Courtesy of Damon Martin and official MMAWeekly.com content partner Bleacher Report.
Ever since the UFC announced that women’s fighters were coming to compete in the Octagon, the bouts that have taken place in the division have all felt like something special was happening.
For years and years, UFC president Dana White said that women’s fighting just wasn’t evolved yet, with enough stars to promote an entire division in his organization. White gladly ate his words with the emergence of current women’s bantamweight champion Ronda Rousey, and now with the entire division thriving, it appears women’s MMA is here to stay in the UFC.
From Rousey’s debut against Liz Carmouche, to the epic back and forth battle between Cat Zingano and Miesha Tate, to the debut of former Olympic silver medalist Sara McMann—the women have arrived in a big, big way.
UFC 161 fighter Alexis Davis has been watching this show the entire time because she was one of the first fighters the promotion signed after entering the women’s MMA fray. She was front and center for Rousey’s debut win while headlining a pay-per-view card, and this weekend she will be part of the first international UFC event with women on the main card.
As much as the spotlight has been shone down on the women’s fighters, Davis refuses to look at her upcoming bout against Rosi Sexton as anything more than just another trip to the cage.
“This just feels like another fight,” Davis told Bleacher Report, an official MMAWeekly.com content partner. “Even when they sent us out to watch (Ronda) Rousey and (Liz) Carmouche, and we got to go behind the scenes, I felt like I was back at Strikeforce. It could be different by the time I get there, but I don’t think the nerves will get to me quite as much.”
The attention and the reception of women’s fighting in the UFC has been nothing less than positive. Each bout has almost been treated like a main event of its own, and there always seems to be something extra on the line every time a woman steps foot in the Octagon.
There was some worry when White said that the promotion was getting into women’s MMA solely because of Rousey’s star power and skill in the cage, that the other fighters would basically act as a feeder system into her title fights. Davis says the hype surrounding women’s MMA in the UFC has been nothing less than fantastic, and it hasn’t circled around only one fighter thus far.
“It seems like the norm now. It’s not like oh my god women are on the card! Now, the UFC’s done a really good job of pushing it,” Davis said. “Now, every couple cards they are going to have a women’s fight. So I don’t think there’s quite as much pressure as there was before. We’re great fighters and we just have to do our thing. Whether we’re fighting for the UFC or we’re fighting for Invicta, or an amateur fight, we put on great fights regardless.”
“A lot of us were worried that it was going to be the Ronda show, and it hasn’t. They push all of their fighters, anyone who has a fight coming up. Like sending me out to the press conference, that was a great experience for me to get my name out there and just exposing women’s fighters. It’s kind of exploded these last few months.”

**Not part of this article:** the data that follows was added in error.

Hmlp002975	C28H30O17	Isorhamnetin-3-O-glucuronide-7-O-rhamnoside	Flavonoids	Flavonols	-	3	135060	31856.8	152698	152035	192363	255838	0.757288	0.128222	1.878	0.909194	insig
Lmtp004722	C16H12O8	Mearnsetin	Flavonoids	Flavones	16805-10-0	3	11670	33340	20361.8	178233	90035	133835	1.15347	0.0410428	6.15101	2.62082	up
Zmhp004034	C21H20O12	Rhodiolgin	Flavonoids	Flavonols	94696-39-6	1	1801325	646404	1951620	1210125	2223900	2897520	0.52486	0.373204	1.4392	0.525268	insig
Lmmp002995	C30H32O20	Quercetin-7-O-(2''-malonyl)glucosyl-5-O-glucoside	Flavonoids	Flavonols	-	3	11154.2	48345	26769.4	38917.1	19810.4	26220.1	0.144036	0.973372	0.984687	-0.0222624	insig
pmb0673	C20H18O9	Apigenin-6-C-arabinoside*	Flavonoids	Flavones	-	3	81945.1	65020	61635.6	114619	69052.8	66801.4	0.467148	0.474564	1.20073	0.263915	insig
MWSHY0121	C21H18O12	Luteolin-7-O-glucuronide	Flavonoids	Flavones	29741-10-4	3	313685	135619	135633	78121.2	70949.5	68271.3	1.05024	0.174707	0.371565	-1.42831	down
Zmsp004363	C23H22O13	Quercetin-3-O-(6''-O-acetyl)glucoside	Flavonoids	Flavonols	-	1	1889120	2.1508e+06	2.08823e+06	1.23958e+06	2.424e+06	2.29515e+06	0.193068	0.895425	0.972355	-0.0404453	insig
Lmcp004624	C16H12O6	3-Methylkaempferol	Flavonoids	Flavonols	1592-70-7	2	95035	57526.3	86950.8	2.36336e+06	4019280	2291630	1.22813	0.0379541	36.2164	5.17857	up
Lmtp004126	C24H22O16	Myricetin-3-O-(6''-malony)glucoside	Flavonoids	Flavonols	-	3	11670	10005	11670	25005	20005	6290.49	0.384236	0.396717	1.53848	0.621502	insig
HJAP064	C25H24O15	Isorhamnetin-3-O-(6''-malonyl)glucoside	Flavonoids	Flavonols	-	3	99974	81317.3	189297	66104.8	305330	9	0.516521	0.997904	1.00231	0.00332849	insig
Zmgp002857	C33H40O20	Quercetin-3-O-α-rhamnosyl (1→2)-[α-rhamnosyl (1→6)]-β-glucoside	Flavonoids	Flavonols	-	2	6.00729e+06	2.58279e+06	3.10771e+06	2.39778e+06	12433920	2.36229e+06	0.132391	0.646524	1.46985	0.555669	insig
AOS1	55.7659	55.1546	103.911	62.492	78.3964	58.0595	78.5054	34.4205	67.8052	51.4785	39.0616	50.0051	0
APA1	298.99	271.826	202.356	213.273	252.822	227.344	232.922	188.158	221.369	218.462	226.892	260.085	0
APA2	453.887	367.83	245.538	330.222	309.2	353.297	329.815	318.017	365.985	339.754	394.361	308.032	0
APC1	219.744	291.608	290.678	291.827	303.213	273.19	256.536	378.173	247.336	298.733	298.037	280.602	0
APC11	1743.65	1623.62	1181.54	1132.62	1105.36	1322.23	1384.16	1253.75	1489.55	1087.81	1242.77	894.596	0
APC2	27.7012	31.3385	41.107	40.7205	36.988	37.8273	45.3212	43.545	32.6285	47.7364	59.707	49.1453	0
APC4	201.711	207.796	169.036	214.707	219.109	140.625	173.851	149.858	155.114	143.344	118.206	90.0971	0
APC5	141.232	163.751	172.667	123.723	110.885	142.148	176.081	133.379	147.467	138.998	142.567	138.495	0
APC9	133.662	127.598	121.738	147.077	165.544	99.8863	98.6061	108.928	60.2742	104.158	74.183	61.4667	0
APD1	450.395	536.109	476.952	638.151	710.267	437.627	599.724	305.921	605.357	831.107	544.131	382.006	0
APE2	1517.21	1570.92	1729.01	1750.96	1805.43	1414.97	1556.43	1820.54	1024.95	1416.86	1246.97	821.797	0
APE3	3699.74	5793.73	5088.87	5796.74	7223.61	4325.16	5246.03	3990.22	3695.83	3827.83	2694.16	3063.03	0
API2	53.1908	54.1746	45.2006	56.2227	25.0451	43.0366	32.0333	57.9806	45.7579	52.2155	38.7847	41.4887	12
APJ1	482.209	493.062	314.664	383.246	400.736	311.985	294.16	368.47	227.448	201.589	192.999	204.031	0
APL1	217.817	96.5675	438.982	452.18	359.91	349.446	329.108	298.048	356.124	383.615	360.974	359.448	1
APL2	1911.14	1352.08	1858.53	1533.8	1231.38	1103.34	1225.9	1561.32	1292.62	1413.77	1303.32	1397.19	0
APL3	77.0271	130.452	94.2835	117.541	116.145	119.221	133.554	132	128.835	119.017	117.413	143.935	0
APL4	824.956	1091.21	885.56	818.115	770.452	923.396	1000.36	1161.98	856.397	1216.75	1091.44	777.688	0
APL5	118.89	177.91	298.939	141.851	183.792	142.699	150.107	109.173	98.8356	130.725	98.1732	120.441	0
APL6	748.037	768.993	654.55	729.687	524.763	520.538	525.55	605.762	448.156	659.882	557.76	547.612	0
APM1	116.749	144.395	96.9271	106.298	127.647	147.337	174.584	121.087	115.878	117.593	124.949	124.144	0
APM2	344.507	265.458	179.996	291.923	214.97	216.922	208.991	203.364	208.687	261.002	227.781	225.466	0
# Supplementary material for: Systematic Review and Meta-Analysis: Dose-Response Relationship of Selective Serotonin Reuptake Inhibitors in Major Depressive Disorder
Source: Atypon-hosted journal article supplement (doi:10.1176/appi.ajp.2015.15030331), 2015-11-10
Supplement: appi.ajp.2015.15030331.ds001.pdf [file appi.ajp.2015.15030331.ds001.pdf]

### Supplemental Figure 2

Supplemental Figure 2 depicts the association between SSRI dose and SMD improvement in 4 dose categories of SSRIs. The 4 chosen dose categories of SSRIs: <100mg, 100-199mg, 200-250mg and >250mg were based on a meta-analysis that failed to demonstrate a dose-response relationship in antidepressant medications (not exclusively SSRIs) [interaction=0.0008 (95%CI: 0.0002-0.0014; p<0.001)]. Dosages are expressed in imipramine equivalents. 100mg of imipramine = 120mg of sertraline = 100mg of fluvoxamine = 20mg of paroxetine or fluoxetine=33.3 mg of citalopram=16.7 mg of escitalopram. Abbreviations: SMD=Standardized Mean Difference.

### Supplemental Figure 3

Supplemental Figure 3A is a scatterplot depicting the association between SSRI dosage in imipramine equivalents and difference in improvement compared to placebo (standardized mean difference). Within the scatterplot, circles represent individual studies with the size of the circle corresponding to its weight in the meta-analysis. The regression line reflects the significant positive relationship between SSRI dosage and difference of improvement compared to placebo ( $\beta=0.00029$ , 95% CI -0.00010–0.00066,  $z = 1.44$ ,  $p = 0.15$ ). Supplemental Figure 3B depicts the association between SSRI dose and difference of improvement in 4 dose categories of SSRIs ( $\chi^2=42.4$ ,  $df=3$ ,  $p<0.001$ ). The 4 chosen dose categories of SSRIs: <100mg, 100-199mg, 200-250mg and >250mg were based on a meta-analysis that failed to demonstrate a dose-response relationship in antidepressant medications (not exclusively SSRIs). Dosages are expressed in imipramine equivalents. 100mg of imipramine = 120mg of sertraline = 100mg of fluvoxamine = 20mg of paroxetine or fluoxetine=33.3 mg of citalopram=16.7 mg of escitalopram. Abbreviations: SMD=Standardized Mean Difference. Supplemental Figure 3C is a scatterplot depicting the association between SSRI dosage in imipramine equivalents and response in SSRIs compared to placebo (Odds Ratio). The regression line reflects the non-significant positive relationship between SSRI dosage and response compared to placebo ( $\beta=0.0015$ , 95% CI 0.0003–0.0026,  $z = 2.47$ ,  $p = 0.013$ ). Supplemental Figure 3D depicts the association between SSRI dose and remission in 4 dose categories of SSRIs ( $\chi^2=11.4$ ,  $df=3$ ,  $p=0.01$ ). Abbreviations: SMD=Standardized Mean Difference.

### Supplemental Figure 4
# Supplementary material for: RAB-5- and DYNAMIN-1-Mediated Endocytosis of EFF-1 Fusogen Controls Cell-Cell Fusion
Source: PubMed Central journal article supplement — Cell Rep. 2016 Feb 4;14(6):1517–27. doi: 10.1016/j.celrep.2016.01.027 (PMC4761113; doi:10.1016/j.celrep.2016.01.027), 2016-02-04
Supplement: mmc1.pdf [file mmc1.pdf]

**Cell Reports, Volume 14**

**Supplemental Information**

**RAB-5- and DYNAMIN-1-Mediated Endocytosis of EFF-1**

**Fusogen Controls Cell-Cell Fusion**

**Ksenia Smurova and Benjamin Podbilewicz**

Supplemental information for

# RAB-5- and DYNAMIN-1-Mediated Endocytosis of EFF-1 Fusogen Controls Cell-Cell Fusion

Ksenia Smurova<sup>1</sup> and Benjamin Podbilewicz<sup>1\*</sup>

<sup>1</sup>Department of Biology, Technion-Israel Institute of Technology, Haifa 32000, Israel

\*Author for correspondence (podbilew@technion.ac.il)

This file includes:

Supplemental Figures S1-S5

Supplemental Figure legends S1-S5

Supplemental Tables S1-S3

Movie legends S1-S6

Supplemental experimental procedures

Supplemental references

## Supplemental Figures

For her upcoming fight at UFC 161, Davis will be on the main card when she takes on Sexton, and while there’s no title shot on the line, she’s approaching this as a chance for the spotlight to fall on her shoulders.
Since losing to Sarah Kaufman in one of the best fights of 2012, Davis has turned into a machine submitting her last two opponents in impressive fashion. She’s hitting her stride at the exact right time, and title shot or not, she’s out to prove she’s the biggest threat to Rousey’s title.
“I’m happy where I am. I may not be fighting for the title next, but I’ve just got to keep going on the path that I’m on and I’m sure I’ll get there,” Davis said. “It’s a great opportunity, and there are so many women who are dying to be in the position I’m in so I’m just going to kind of focus on the fight at hand, and show them why I should be the No. 1 contender.
“Rousey is at the top of the food chain. It’s going to happen eventually. She’s still new, still new in the UFC, so eventually it’s going to happen that someone’s going to dethrone her. Obviously, I’d love to have that opportunity.”
Davis knows that beating Sexton is just the first step towards a title shot. With Rousey locked up filming The Ultimate Fighter with her next bout scheduled against Miesha Tate likely to take place in December, the women’s bantamweight title won’t be defended again until at least a few months into 2014.
The pedigree is there, however, for Davis to be the fighter the UFC needs to truly challenge Rousey in the cage. Davis is a Brazilian Jiu-Jitsu black belt with serious ground credentials to not only stop Rousey’s signature armbar attack, but possibly put the champion away with a submission of her own.
The time waiting for a title shot just means Davis has the chance to prepare, get better and become the fighter most poised to rip that belt away from Rousey’s waist.
“The longer people wait to fight me,” Davis commented, “the worse it’s going to be.”
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